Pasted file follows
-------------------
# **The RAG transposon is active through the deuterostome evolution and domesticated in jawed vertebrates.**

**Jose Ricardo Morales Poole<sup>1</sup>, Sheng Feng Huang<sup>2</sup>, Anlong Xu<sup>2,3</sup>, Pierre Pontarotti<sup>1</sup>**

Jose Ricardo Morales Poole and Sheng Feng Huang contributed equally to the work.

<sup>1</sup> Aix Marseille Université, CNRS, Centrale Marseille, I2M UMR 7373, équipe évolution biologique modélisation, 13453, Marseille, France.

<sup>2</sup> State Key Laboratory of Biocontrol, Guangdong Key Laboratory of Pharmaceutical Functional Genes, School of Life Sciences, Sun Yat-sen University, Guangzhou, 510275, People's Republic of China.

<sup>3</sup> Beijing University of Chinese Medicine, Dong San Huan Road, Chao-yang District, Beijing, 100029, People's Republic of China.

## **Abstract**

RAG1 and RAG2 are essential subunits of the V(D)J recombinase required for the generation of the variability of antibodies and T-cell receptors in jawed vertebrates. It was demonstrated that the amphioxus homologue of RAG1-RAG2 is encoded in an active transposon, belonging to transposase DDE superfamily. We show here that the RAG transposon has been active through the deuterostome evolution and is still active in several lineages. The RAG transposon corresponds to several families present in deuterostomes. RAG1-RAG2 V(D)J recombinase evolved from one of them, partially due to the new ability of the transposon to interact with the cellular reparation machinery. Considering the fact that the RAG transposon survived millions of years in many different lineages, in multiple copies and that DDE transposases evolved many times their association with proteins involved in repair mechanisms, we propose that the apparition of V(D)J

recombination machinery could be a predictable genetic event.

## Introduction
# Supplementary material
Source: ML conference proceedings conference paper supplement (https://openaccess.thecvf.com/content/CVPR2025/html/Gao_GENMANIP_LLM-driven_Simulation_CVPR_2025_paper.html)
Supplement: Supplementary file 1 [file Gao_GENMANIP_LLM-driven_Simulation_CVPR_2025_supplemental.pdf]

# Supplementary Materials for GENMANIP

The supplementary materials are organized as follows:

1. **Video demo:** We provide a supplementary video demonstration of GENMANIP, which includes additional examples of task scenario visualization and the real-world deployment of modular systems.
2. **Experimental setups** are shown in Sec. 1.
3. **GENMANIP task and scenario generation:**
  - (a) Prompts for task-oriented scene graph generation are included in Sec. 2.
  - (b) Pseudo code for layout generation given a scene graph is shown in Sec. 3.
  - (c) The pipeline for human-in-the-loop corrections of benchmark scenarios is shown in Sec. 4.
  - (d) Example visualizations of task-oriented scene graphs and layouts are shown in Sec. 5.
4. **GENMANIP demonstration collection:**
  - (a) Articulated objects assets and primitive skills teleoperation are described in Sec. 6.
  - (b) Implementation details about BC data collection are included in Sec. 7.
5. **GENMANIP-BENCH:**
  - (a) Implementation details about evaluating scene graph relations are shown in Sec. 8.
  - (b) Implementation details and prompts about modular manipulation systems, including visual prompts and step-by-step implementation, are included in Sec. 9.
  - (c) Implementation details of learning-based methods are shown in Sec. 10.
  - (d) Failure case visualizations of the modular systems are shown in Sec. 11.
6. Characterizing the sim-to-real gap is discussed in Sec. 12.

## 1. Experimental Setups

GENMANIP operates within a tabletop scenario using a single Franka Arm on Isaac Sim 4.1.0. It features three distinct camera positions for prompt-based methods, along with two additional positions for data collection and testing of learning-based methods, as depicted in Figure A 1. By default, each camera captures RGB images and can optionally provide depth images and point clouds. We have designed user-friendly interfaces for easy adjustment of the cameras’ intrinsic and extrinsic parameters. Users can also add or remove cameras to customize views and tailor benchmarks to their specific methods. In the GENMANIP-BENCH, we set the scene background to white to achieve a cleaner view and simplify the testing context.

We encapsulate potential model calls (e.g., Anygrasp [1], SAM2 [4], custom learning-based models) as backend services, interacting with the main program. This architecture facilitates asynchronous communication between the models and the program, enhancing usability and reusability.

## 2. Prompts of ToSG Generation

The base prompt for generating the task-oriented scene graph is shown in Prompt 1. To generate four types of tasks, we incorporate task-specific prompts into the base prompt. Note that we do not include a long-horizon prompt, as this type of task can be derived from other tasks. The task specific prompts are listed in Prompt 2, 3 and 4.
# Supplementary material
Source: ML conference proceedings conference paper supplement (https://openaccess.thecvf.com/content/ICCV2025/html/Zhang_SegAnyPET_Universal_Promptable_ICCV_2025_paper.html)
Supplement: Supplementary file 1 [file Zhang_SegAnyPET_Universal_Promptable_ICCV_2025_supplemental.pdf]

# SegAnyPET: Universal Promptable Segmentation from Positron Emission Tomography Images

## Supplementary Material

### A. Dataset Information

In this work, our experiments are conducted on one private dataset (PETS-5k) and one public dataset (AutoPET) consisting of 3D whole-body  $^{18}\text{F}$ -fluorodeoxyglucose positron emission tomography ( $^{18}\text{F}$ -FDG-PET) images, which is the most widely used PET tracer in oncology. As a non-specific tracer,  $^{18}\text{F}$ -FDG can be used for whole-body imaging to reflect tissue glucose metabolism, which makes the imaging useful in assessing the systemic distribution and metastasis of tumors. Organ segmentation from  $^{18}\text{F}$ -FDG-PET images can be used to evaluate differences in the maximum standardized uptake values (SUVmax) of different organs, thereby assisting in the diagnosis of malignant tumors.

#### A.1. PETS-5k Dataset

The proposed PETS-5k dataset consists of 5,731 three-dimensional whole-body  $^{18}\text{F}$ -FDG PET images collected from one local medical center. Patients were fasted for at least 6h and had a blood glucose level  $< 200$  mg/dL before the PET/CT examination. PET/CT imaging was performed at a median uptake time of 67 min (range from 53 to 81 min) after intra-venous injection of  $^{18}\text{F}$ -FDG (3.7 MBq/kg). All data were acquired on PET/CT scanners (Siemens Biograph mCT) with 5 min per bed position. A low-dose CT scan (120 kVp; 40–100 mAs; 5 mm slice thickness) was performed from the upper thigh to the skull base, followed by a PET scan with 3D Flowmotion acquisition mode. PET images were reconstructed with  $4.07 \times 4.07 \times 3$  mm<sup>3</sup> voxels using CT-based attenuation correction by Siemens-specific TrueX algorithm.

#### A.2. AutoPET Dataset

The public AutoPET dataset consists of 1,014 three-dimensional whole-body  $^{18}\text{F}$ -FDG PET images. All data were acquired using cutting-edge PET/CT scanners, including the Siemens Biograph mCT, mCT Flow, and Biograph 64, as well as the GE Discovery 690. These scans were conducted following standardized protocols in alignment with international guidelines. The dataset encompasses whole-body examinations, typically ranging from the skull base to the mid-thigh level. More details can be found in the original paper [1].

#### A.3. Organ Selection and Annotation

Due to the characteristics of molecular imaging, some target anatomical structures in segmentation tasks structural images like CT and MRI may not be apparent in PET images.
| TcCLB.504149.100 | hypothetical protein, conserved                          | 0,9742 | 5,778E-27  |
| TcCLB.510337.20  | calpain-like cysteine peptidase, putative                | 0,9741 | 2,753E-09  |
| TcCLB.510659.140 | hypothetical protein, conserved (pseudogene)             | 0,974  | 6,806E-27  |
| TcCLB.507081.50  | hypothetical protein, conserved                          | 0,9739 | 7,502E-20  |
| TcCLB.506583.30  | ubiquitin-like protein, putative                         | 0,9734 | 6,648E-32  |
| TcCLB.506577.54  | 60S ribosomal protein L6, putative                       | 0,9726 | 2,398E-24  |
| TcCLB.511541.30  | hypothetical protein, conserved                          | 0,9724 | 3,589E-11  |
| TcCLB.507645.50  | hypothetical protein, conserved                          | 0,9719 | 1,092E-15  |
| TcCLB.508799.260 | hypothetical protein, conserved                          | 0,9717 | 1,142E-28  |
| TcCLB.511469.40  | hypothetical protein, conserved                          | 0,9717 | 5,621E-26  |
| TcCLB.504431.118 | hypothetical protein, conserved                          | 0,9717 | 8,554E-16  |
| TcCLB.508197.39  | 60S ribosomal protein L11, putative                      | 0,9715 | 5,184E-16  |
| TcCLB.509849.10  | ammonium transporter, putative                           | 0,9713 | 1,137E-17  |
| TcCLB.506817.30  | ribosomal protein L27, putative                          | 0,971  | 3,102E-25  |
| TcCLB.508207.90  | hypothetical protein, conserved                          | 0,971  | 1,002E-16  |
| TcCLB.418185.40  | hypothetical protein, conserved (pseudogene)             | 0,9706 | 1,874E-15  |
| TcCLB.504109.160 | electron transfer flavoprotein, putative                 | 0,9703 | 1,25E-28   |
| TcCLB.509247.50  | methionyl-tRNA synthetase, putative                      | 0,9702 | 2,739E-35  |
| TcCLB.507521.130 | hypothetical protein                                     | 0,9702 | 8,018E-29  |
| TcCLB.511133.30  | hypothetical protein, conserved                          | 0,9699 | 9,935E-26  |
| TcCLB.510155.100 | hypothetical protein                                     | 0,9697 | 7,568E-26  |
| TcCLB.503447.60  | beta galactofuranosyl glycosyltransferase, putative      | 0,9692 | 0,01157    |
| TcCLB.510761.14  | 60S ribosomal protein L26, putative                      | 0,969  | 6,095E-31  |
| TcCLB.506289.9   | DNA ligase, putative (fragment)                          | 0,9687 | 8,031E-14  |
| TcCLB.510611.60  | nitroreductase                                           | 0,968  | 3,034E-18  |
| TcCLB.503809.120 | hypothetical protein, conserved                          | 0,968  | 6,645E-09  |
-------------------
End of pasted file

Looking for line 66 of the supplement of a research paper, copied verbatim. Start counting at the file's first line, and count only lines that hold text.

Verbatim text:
| TcCLB.504109.160 | electron transfer flavoprotein, putative                 | 0,9703 | 1,25E-28   |